Raising Dexter Cattle in PEI by Kathy Birt

Kathy Birt

Mike and Evelyn Lafortune have the largest herd of Dexter cattle in Canada. Located in North Milton, Prince Edward Island, they have found a niche market for their organic beef.

As Mike declares: “These cows are easy to please.” They feed on no less than 12 grasses and legumes on the 200-acre farm that was Evelyn’s since 2009 – and then she met Mike in Halifax in 2014. Mike had given us his ranch in Colorado where he had raised Dexters for 24 years, and moved back to Canada. He missed the Dexter herd and so it was easy to answer when Evelyn asked, “What do you want to do?” after they’d settled in together on the PEI farm. He wanted Dexters, so they went on a cross-Canada hunt for a herd. “We bought the first five in Nova Scotia by most came from farms in Ontario and Quebec. We bought breeding stock and built our herd from within.

These cows grow to just 36 inches in height, compared to the 46 to 48 inches other cows grow. They usually weigh about 750 pounds at slaughter time. The bulls weigh about 1000 pounds and are about 40 to 42 inches in height. Mike says they are very particular about genetics in their herd. “There is no inbreeding. This is done to gain different traits, one of them being docility.”

The docile animals are low maintenance and they are not given antibiotics, hormones, or supplements of any kind. No chemicals had been sprayed on the North Milton property for years, and so it was certified organic in 2015 by an international company called Ecocert.

The 100 cows on the acreage are kept in four different herds and they are rotated as they forage. They live on grass and hay, use mineral salt licks and have free-sided sheds for shelter. “If the grass is no longer lush and green, they put up a fuss, so we know when to move them around,” notes the experienced rancher, who is originally from Sudbury, Ontario.

The couple produce their own hay in round and square bales and also buy some certified organic hay from another farmer. “We just can’t produce enough ourselves,” Mike points out.

To ensure the animals get the proper grasses, all pastures are enclosed with electric fencing. But that doesn’t mean the cows are not pampered. There are pathways throughout the treed areas to provide shade in hot weather and shelter from winter storms. “They are trained to go to another pasture,” Mike says, explaining that once the cows have a pasture grazed down, they will come back to the point of origin and graze off freshly grown grass. The time span for their rotation would be about 60 days.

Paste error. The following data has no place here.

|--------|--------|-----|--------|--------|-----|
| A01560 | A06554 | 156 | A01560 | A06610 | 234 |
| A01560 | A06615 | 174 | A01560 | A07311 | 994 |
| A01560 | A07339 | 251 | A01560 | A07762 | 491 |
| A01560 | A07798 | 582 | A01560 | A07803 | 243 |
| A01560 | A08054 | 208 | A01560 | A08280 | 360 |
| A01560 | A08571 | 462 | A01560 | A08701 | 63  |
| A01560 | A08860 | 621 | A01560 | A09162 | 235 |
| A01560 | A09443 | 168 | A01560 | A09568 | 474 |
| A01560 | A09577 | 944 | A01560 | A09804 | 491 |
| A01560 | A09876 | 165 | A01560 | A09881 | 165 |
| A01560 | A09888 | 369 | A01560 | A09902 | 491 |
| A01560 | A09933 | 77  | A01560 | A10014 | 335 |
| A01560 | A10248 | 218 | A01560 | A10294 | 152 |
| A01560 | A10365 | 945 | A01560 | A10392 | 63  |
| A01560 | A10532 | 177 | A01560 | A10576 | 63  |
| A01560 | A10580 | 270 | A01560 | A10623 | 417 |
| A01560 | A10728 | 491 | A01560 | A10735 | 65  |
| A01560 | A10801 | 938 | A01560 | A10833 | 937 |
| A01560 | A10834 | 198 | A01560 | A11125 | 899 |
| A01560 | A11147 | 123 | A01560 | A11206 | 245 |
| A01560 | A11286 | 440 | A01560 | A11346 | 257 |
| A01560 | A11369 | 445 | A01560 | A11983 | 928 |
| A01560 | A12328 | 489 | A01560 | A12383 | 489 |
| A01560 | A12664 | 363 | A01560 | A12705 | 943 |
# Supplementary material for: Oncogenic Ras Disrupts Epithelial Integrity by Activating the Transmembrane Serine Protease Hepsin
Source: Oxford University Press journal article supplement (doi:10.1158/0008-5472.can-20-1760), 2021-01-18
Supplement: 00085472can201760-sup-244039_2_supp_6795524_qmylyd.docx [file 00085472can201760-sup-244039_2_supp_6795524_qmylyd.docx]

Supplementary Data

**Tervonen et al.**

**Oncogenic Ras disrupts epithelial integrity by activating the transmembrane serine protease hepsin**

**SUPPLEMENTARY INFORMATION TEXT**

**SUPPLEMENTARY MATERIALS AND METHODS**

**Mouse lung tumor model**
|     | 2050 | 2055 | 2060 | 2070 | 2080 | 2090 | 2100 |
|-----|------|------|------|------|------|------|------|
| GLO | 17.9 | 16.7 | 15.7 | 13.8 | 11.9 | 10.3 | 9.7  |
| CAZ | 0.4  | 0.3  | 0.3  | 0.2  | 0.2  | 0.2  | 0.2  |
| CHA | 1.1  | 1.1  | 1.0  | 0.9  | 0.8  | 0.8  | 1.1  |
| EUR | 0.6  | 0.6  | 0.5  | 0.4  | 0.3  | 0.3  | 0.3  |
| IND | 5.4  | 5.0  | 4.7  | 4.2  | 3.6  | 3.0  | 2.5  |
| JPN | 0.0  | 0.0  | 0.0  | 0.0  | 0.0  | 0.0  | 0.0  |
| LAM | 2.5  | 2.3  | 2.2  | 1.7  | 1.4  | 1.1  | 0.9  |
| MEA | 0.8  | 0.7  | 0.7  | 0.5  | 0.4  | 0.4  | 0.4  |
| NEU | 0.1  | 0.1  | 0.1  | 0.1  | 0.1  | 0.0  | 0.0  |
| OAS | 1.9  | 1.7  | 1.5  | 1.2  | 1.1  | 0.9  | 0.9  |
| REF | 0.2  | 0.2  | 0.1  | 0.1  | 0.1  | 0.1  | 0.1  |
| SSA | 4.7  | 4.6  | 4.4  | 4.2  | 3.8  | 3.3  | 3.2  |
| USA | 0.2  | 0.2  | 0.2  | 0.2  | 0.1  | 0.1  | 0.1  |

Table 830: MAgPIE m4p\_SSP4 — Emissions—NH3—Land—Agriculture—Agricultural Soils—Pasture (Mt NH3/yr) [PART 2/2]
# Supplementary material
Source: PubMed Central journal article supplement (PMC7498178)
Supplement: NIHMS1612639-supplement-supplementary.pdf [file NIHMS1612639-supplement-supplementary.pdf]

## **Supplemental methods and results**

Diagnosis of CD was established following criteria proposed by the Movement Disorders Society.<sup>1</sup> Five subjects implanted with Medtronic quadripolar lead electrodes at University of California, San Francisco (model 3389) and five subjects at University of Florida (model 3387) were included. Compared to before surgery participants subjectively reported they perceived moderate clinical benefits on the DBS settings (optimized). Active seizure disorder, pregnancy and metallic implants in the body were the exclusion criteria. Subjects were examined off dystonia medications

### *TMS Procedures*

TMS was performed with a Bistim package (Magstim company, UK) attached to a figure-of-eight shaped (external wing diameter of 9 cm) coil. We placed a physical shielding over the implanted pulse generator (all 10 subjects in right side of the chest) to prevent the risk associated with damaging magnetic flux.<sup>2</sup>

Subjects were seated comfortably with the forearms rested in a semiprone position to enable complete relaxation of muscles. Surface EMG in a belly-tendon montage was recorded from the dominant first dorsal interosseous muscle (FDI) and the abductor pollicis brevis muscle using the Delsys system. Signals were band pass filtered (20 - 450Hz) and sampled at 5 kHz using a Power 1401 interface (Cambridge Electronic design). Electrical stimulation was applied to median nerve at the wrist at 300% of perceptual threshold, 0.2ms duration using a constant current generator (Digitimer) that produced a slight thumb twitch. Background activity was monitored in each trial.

The grasses they eat include white clover grass, timothy, orchard grass, hairy vetch, brome, red clover, alfalfa and a few others. The Dexter farmer says that all adds to the f lavour of the popular organic meat. They also graze on fescue, a fine grass with narrow deep green blades used for grazing in the cooler, shaded areas. “All grasses have the same nutrients,” notes Mike, adding that the property has a 25-foot buffer zone so there is no risk of contamination from other farms in the surrounding areas.

Shedding and growing a coat for the seasons, Dexters are outdoors all year, making them an easy animal to care for, with no huge barn space required. “We have the free-sided sheds and keep them closer to the house area during winter months,” says Mike and quickly adds, “The beauty of these cattle is that they have been around since the Celts in Ireland.”

He also notes the cows can calf on their own with no assistance. They give birth in one hour and within another hour, that calf is standing, walking and following the mother. “If one is calving in a blizzard we would check on it to make sure the calf and cow are safe.”

While Mike and Evelyn are usually too busy to milk, they have a couple of cows in the herd trained to milk. “If a cow has milk, we just separate it from the calf for a night and then milk it, and there is plenty left for the calf. We just milk when we want some for ourselves,” explains Mike. While the couple could be offered a lot of money for the milk, they just make cheese and butter with a 4 to 5 percent fat count.